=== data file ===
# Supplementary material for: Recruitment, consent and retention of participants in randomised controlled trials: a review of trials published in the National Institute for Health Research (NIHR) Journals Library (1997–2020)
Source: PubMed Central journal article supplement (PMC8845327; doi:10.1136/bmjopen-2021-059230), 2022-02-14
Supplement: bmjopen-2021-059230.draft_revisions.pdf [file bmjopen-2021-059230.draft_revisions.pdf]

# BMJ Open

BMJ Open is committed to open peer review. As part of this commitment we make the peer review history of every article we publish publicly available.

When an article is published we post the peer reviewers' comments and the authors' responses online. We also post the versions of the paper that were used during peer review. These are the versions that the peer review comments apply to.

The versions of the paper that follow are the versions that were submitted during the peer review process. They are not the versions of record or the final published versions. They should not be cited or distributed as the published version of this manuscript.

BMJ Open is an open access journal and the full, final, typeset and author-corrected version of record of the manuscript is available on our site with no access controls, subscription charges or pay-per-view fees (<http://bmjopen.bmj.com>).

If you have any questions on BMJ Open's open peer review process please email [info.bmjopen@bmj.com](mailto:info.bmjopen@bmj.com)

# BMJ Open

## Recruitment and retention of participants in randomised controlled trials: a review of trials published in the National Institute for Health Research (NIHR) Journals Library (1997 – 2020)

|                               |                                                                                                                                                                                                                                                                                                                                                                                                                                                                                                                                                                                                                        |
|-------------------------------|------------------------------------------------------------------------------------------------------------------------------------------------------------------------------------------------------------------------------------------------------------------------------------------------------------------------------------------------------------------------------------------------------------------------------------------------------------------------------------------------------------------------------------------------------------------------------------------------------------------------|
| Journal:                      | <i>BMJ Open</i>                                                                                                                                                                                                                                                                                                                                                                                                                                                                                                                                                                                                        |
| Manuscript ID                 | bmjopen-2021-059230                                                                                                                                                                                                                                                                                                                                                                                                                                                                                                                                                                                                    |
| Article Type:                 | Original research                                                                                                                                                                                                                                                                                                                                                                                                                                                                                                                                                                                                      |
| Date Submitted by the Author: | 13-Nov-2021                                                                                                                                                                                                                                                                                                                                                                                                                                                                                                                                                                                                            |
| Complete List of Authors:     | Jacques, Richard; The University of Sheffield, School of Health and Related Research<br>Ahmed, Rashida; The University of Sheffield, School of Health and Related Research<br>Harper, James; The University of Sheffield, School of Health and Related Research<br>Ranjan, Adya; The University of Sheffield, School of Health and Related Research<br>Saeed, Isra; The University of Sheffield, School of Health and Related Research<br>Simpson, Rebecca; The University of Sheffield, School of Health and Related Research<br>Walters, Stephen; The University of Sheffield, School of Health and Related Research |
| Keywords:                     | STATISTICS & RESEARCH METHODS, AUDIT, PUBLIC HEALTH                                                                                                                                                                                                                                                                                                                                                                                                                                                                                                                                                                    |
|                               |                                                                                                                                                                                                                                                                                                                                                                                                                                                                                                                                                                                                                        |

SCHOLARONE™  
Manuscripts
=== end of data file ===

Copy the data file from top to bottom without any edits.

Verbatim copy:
# Supplementary material for: Recruitment, consent and retention of participants in randomised controlled trials: a review of trials published in the National Institute for Health Research (NIHR) Journals Library (1997–2020)
Source: PubMed Central journal article supplement (PMC8845327; doi:10.1136/bmjopen-2021-059230), 2022-02-14
Supplement: bmjopen-2021-059230.draft_revisions.pdf [file bmjopen-2021-059230.draft_revisions.pdf]

# BMJ Open

BMJ Open is committed to open peer review. As part of this commitment we make the peer review history of every article we publish publicly available.

When an article is published we post the peer reviewers' comments and the authors' responses online. We also post the versions of the paper that were used during peer review. These are the versions that the peer review comments apply to.

The versions of the paper that follow are the versions that were submitted during the peer review process. They are not the versions of record or the final published versions. They should not be cited or distributed as the published version of this manuscript.

BMJ Open is an open access journal and the full, final, typeset and author-corrected version of record of the manuscript is available on our site with no access controls, subscription charges or pay-per-view fees (<http://bmjopen.bmj.com>).

If you have any questions on BMJ Open's open peer review process please email [info.bmjopen@bmj.com](mailto:info.bmjopen@bmj.com)

# BMJ Open

## Recruitment and retention of participants in randomised controlled trials: a review of trials published in the National Institute for Health Research (NIHR) Journals Library (1997 – 2020)

|                               |                                                                                                                                                                                                                                                                                                                                                                                                                                                                                                                                                                                                                        |
|-------------------------------|------------------------------------------------------------------------------------------------------------------------------------------------------------------------------------------------------------------------------------------------------------------------------------------------------------------------------------------------------------------------------------------------------------------------------------------------------------------------------------------------------------------------------------------------------------------------------------------------------------------------|
| Journal:                      | <i>BMJ Open</i>                                                                                                                                                                                                                                                                                                                                                                                                                                                                                                                                                                                                        |
| Manuscript ID                 | bmjopen-2021-059230                                                                                                                                                                                                                                                                                                                                                                                                                                                                                                                                                                                                    |
| Article Type:                 | Original research                                                                                                                                                                                                                                                                                                                                                                                                                                                                                                                                                                                                      |
| Date Submitted by the Author: | 13-Nov-2021                                                                                                                                                                                                                                                                                                                                                                                                                                                                                                                                                                                                            |
| Complete List of Authors:     | Jacques, Richard; The University of Sheffield, School of Health and Related Research<br>Ahmed, Rashida; The University of Sheffield, School of Health and Related Research<br>Harper, James; The University of Sheffield, School of Health and Related Research<br>Ranjan, Adya; The University of Sheffield, School of Health and Related Research<br>Saeed, Isra; The University of Sheffield, School of Health and Related Research<br>Simpson, Rebecca; The University of Sheffield, School of Health and Related Research<br>Walters, Stephen; The University of Sheffield, School of Health and Related Research |
| Keywords:                     | STATISTICS & RESEARCH METHODS, AUDIT, PUBLIC HEALTH                                                                                                                                                                                                                                                                                                                                                                                                                                                                                                                                                                    |
|                               |                                                                                                                                                                                                                                                                                                                                                                                                                                                                                                                                                                                                                        |

SCHOLARONE™  
Manuscripts